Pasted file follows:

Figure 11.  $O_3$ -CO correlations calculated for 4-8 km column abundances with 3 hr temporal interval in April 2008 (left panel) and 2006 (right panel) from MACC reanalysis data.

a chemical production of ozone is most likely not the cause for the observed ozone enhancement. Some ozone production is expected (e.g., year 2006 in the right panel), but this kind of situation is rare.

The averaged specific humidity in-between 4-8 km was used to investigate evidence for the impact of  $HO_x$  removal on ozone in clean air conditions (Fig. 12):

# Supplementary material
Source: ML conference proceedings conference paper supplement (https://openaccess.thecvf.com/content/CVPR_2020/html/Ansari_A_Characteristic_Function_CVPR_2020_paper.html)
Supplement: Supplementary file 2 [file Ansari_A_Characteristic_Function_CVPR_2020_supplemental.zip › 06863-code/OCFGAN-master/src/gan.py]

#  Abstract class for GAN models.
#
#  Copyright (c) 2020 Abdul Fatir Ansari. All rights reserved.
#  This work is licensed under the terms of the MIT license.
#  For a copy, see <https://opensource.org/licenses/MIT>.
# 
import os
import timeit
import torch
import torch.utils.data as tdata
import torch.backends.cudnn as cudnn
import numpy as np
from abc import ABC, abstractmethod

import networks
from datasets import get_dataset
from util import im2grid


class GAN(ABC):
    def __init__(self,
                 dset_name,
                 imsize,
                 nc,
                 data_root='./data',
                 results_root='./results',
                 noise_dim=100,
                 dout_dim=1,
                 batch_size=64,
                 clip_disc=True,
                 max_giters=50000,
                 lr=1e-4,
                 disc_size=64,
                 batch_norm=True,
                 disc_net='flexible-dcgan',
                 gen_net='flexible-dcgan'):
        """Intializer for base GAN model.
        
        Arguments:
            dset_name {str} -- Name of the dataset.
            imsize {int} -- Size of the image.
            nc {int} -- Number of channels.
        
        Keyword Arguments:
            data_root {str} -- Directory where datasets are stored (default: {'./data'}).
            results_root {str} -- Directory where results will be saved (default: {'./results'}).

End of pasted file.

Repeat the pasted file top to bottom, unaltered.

Figure 11.  $O_3$ -CO correlations calculated for 4-8 km column abundances with 3 hr temporal interval in April 2008 (left panel) and 2006 (right panel) from MACC reanalysis data.

a chemical production of ozone is most likely not the cause for the observed ozone enhancement. Some ozone production is expected (e.g., year 2006 in the right panel), but this kind of situation is rare.

The averaged specific humidity in-between 4-8 km was used to investigate evidence for the impact of  $HO_x$  removal on ozone in clean air conditions (Fig. 12):

# Supplementary material
Source: ML conference proceedings conference paper supplement (https://openaccess.thecvf.com/content/CVPR_2020/html/Ansari_A_Characteristic_Function_CVPR_2020_paper.html)
Supplement: Supplementary file 2 [file Ansari_A_Characteristic_Function_CVPR_2020_supplemental.zip › 06863-code/OCFGAN-master/src/gan.py]

#  Abstract class for GAN models.
#
#  Copyright (c) 2020 Abdul Fatir Ansari. All rights reserved.
#  This work is licensed under the terms of the MIT license.
#  For a copy, see <https://opensource.org/licenses/MIT>.
# 
import os
import timeit
import torch
import torch.utils.data as tdata
import torch.backends.cudnn as cudnn
import numpy as np
from abc import ABC, abstractmethod

import networks
from datasets import get_dataset
from util import im2grid


class GAN(ABC):
    def __init__(self,
                 dset_name,
                 imsize,
                 nc,
                 data_root='./data',
                 results_root='./results',
                 noise_dim=100,
                 dout_dim=1,
                 batch_size=64,
                 clip_disc=True,
                 max_giters=50000,
                 lr=1e-4,
                 disc_size=64,
                 batch_norm=True,
                 disc_net='flexible-dcgan',
                 gen_net='flexible-dcgan'):
        """Intializer for base GAN model.
        
        Arguments:
            dset_name {str} -- Name of the dataset.
            imsize {int} -- Size of the image.
            nc {int} -- Number of channels.
        
        Keyword Arguments:
            data_root {str} -- Directory where datasets are stored (default: {'./data'}).
            results_root {str} -- Directory where results will be saved (default: {'./results'}).